C57BL/6 mice were purchased from the Experiment Animal Center (Third Military Medical University, Chongqing, P.R. China) for use in the in vivo experiments, performed as previously described. Acute colitis was induced by administration of 3% dextran sulphate sodium (DSS; 36-50 kDa, MP Biomedicals, Solon, OH), which was dissolved in the animals' drinking water, for 7 days. Control mice were provided with distilled water. FICZ (1 µg/mouse) was administered by intraperitoneal injection daily, beginning on the third day of DSS administration. All of the animal experiments were approved by the University Committee on the Use and Care of Animals of the Third Military Medical University.

Immunohistochemical (IHC) staining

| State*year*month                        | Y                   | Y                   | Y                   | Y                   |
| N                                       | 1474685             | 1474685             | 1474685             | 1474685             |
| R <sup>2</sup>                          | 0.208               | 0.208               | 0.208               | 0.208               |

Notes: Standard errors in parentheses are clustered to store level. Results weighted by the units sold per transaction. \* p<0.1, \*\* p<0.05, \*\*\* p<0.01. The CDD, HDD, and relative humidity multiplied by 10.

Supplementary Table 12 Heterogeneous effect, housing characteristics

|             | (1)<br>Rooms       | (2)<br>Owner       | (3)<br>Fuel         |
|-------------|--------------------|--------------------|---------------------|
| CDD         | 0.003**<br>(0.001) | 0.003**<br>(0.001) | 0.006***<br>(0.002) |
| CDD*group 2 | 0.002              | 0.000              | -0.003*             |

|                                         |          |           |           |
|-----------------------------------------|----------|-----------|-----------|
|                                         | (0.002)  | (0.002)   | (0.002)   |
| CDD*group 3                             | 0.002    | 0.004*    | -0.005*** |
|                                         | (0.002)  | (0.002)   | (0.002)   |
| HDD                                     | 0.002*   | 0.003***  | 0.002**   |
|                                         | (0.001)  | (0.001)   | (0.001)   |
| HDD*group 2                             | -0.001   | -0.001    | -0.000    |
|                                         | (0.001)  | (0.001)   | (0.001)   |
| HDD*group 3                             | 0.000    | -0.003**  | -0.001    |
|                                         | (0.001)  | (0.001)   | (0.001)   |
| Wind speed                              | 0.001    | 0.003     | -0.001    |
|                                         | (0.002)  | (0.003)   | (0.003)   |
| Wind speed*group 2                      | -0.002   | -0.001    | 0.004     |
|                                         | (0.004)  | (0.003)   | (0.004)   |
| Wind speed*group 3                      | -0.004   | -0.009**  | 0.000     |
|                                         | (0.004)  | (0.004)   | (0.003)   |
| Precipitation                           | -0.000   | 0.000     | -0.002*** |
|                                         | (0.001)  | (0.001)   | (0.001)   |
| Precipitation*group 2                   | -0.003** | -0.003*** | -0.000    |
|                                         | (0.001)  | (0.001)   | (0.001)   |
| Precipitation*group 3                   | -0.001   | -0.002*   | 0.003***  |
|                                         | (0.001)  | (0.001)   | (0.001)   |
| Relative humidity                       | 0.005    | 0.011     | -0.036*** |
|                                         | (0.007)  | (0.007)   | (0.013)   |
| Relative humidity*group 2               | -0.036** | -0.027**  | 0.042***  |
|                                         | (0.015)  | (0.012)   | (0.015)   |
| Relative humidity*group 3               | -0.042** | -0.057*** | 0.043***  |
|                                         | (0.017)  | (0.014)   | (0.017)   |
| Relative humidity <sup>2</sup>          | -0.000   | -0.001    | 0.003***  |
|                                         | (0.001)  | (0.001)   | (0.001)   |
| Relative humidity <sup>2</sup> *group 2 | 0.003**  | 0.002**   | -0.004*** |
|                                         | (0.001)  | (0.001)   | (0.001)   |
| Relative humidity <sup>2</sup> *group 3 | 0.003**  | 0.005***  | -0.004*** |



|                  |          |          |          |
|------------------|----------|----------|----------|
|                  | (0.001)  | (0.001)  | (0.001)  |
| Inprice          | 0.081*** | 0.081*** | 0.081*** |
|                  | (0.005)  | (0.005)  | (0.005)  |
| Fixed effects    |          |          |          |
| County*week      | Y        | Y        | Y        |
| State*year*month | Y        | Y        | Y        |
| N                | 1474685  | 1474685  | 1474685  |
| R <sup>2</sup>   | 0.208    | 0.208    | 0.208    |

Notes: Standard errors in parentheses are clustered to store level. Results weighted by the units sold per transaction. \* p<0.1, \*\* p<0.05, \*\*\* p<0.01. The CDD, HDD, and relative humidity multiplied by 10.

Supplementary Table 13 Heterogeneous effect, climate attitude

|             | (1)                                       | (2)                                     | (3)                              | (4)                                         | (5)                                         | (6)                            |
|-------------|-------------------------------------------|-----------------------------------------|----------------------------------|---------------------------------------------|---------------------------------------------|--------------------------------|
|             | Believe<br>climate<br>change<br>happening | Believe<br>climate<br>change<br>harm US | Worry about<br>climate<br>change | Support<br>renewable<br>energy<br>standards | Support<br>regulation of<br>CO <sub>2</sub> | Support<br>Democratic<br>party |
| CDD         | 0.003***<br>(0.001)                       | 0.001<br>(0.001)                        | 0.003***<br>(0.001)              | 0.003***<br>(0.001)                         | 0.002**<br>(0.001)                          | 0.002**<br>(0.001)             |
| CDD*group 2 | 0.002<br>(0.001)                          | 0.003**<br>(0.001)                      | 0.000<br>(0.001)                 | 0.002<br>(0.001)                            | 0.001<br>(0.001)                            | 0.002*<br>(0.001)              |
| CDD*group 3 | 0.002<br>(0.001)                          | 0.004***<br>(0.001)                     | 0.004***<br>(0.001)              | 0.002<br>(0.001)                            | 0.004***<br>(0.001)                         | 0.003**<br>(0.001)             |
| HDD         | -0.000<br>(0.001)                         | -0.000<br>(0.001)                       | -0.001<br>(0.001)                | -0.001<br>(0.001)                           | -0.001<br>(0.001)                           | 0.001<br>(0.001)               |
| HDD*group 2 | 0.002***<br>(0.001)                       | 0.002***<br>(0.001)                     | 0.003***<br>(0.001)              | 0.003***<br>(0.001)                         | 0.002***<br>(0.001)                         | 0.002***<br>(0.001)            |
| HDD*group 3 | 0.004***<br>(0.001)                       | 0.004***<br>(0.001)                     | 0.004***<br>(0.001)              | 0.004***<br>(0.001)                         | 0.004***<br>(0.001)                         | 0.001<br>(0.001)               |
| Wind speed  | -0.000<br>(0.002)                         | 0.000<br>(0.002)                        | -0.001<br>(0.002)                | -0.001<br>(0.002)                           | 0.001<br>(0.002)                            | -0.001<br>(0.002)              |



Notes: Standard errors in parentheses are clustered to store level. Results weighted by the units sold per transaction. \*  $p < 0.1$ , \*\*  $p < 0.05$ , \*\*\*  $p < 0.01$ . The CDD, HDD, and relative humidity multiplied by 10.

Segments of colon were harvested and fixed in 4% paraformaldehyde. Then, 5 µm-thick, paraffin-embedded sections of colon were prepared and incubated in 0.3% hydrogen peroxide in methanol for 20 min at room temperature to inhibit endogenous peroxidase activity. For antigen retrieval, the sections were treated with citrate buffer (pH 6.0) and heated three times in a microwave oven for 5 min each time. The sections were then blocked with 5% bovine serum albumin (BSA) at room temperature for 30 min and were subsequently incubated with the following primary antibodies overnight at 4 °C: ZO-1 (1:50, Proteintech), Occludin (1:50, Proteintech), Claudin-1 (1:50, Proteintech), MLCK (1:50, Proteintech) and pMLC (1:100, Abcam). Next, the sections were incubated with the respective secondary antibodiesat room temperature for 40 min. After being washed with phosphate-buffered serum (PBS), the sections were incubated with an avidin-biotin complex according to the manufacturer's instructions of a Boster ABC Kit (Boster, Wuhan, China). Peroxidase activity was assessed using diaminobenzidine (DAB) as a chromogen. Sections were counterstained with haematoxylin, and histological examination was then performed under a Leica TCS SP light microscope (Leica, Heidelberg, Germany).